Noseda closes his first NSO season with a Bach-centered evening

Thu May 17, 2018 at 11:15 pm

James Ehnes performed Berg’s Violin Concerto with Gianandrea Noseda and the National Symphony Orchestra Thursday night at the Kennedy Center. Photo: Tracey Salazar

Gianandrea Noseda is leading the last concerts of his inaugural season as music director of the National Symphony Orchestra this week. The program, centered around the theme of adaptations or citations of the music of Bach, was the sort of offbeat lineup he said he was striving for when he started last fall. Wanting “to challenge without shocking,” as he put it, he offered a meaty Brahms symphony with more recent music as a spicy accent.

The concert opened with Luciano Berio’s unorthodox arrangement of the final movement of Bach’s The Art of the Fugue. Bach did not specify instrumentation for this collection of pieces, but Berio opted for a large chamber ensemble, heavy on woodwinds, including the unexpected timbres of alto and tenor saxophone. With the five string parts also covered by single musicians, it felt like a piece more for the NSO’s associated chamber music group, the Kennedy Center Chamber Players.

The strangest feature of this version is that Berio did not assign single lines to one instrument or another. All the instruments fade in and out of the contrapuntal texture, as if an organist is changing registrations every bar or so. The ear follows a line only to have it evaporate and be picked up by another instrument. The woodwind playing dominated, with beautiful combinations of the four flutes, including alto flute and piccolo. The string sound, alas, was too often lost, here with principal violist Daniel Foster taking the second violin part.

Berio does not offer a completion of the work, left unfinished by Bach. The music trails off after Bach’s own name theme (B-flat, A, C, B-natural) is introduced as the final of three fugue subjects. Berio extends the final notes of the voices, beginning with the lowest. At first it sounds like a mistake, a ciphered pipe on an organ, but as other notes joined the cluster hanging in the air it formed its own sense of the infinite.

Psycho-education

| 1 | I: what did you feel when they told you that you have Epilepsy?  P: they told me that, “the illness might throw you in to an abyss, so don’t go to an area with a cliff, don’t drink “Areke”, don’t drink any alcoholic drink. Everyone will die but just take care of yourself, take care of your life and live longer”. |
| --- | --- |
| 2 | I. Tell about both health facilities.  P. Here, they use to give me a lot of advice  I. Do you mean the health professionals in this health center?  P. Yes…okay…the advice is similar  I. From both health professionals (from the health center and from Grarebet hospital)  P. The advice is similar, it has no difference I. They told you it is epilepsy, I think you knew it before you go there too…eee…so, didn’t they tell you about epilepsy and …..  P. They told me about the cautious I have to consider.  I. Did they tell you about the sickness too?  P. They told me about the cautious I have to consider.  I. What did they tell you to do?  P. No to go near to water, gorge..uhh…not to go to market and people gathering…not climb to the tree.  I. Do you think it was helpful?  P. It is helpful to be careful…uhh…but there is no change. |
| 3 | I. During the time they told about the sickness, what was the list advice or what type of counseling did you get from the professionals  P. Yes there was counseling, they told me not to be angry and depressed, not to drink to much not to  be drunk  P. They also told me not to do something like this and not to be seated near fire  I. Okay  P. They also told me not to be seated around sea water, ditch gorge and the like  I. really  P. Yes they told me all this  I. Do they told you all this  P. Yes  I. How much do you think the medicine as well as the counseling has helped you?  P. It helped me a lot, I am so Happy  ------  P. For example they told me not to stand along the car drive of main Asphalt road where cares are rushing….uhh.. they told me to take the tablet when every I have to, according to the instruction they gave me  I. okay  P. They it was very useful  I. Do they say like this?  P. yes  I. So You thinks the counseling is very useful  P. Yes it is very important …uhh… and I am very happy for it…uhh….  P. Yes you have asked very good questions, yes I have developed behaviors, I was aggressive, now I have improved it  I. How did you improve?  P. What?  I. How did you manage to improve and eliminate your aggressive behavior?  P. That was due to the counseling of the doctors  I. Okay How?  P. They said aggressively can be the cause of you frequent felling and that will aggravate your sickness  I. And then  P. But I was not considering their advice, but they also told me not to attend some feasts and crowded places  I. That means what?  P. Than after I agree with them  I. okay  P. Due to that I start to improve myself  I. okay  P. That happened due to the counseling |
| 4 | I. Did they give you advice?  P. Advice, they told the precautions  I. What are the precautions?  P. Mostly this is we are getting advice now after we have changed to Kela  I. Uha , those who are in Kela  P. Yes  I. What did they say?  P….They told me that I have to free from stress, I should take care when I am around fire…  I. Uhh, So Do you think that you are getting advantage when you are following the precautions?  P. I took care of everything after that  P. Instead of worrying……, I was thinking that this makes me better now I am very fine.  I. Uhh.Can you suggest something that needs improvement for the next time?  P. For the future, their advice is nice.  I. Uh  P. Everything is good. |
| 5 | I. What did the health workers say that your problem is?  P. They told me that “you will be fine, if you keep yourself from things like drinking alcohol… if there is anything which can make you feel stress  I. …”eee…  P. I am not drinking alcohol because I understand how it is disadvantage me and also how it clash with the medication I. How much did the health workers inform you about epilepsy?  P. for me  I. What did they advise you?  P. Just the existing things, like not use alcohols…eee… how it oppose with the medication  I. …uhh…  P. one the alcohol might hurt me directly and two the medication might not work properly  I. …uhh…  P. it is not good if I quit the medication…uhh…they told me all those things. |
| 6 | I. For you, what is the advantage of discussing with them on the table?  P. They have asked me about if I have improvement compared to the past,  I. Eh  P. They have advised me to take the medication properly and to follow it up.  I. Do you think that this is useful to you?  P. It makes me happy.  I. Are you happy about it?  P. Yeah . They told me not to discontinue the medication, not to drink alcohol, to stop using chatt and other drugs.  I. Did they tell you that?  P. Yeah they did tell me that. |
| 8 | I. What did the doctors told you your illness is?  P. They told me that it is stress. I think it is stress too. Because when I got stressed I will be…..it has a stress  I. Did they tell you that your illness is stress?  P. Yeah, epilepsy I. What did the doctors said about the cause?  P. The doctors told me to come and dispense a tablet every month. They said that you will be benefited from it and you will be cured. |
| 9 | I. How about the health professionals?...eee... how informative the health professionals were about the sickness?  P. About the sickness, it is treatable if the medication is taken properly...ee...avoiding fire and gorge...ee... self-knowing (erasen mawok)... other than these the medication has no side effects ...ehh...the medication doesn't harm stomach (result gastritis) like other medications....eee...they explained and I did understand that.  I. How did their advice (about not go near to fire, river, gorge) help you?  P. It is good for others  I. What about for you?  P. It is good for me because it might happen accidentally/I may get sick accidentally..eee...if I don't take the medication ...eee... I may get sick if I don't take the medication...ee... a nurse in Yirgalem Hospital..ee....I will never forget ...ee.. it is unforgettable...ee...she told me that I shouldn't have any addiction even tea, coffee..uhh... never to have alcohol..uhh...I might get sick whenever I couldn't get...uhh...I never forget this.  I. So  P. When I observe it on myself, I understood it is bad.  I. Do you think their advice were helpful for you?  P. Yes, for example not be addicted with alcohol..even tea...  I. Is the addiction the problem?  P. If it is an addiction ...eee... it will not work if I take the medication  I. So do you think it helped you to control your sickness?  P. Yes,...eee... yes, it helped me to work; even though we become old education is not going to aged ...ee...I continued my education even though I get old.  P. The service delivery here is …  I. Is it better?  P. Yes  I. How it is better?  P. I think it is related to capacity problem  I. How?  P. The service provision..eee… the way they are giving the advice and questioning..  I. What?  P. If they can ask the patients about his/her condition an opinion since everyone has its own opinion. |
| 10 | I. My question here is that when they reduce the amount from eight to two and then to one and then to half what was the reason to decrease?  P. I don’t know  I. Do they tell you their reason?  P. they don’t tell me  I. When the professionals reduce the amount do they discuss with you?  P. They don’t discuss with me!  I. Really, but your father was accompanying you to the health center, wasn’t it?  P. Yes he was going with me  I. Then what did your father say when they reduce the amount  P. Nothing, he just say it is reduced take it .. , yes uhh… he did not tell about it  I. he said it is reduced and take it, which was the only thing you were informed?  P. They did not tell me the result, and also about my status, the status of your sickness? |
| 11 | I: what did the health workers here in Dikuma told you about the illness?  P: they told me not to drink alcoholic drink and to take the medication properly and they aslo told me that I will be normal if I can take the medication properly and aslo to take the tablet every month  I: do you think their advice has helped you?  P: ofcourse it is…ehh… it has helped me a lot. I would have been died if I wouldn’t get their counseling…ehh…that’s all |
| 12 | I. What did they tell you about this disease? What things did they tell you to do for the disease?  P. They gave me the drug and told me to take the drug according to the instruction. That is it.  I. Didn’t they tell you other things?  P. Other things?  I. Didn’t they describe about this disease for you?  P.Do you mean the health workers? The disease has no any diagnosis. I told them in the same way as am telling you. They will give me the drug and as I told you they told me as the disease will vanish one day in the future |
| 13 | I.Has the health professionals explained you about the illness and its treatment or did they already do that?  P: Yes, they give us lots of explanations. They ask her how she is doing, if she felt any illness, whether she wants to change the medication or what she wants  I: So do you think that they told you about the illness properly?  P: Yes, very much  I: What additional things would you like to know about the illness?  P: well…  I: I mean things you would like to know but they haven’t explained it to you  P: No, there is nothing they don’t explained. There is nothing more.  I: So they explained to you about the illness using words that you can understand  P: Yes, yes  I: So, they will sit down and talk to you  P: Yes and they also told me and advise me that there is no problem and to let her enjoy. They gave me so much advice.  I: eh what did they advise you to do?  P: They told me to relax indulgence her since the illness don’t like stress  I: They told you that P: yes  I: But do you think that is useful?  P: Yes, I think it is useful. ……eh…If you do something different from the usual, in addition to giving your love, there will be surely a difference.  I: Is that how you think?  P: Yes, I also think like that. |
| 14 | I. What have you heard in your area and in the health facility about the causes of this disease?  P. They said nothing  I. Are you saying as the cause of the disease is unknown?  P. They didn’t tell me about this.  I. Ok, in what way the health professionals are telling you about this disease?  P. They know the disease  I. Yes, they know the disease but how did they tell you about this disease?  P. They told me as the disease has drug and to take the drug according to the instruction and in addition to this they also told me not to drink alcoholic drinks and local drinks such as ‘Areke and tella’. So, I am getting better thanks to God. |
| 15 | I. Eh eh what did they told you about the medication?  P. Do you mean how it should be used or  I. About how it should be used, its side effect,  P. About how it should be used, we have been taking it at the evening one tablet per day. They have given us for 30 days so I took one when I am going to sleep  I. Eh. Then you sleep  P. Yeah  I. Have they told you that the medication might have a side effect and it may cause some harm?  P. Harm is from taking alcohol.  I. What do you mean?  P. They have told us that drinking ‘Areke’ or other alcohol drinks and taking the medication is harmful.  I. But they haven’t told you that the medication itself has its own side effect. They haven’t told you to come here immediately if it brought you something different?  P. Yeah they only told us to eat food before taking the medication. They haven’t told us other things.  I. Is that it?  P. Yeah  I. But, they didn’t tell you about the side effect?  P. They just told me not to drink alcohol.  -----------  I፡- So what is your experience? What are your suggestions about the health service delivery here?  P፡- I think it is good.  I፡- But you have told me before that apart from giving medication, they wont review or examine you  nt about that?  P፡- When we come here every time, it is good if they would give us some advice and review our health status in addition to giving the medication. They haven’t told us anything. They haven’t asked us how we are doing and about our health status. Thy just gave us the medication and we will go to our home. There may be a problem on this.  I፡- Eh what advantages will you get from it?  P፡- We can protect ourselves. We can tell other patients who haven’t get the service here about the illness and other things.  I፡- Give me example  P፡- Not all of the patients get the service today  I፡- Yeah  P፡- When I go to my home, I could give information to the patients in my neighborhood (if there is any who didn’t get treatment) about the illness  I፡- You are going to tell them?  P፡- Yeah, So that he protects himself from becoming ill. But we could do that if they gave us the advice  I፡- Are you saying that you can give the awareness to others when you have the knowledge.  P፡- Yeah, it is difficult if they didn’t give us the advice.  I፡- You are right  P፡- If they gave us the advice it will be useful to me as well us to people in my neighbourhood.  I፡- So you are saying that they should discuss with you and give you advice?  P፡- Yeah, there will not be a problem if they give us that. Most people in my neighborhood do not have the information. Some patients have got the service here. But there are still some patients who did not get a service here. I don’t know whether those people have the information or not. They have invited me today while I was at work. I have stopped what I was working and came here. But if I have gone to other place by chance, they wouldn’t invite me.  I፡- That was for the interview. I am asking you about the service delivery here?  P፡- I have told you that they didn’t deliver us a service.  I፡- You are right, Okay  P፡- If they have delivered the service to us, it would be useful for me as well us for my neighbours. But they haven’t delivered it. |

It was high time for the NSO to play Alban Berg’s sweetly dissonant Violin Concerto again, last heard under Leonard Slatkin in 2005. Berg dedicated the piece “To the memory of an angel,” none other than Manon Gropius, daughter of Alma Mahler and Walter Gropius, who had died of polio at age 18.

Canadian violinist James Ehnes played the role of Manon with unruffled serenity, sometimes swallowed up by the orchestra in more impetuous moments.

The strain occasionally affected the soloist’s intonation in the first movement, at extremities of the instrument. Ehnes hit his stride in the second movement, especially in the meditative cadenza, accompanied sometimes by his own left-hand pizzicati and sometimes by the violas. Berg quotes Bach’s harmonization of the chorale Es ist genug, a moment of beatific solemnity for the three clarinets and bass clarinet, a tune that overlaps with the tone row Berg uses in the piece.

One of the major disappointments of Christoph Eschenbach’s tenure with the NSO was his overheated interpretations of the Brahms symphonies.

Yet Noseda hit all the right marks in a blockbuster reading of the Fourth Symphony, which opened with the sighing main theme of the first movement soft and unhurried. The horn section was flawless in the exposed second movement, again with a leisurely pacing that smoldered with smoky melancholy.

The third movement is probably bright-eyed enough with its playful triangle part that there is no need for it to be quite as fast as Noseda took it. The playing was exciting and breathless, but the strings were not always in complete unity. The finale had a burly intensity, sparked by the addition of the three trombones.

Noseda completed the evenig’s Bach circle here as Brahms based this passacaglia on a theme adapted from a Bach cantata, Nach dir, Herr, verlanget mich. The delicate parts of the movement were the most memorable, especially the silvery low range of principal flutist Aaron Goldman in an extended solo.

This Bach-centered program, with an eye to the eternal, made a fitting tribute to NSO violinist Hyun-Woo Kim, who passed away unexpectedly last week. The orchestra also honored five musicians who are retiring this season, including violist William Foster; violinists Holly Hamilton, Peter Haase, and Pam Hentges; and timpanist Charles Wilkinson.

The program will be repeated 8 p.m. Saturday, when it will also be broadcast live on the internet. kennedy-center.org; 202-467-4600


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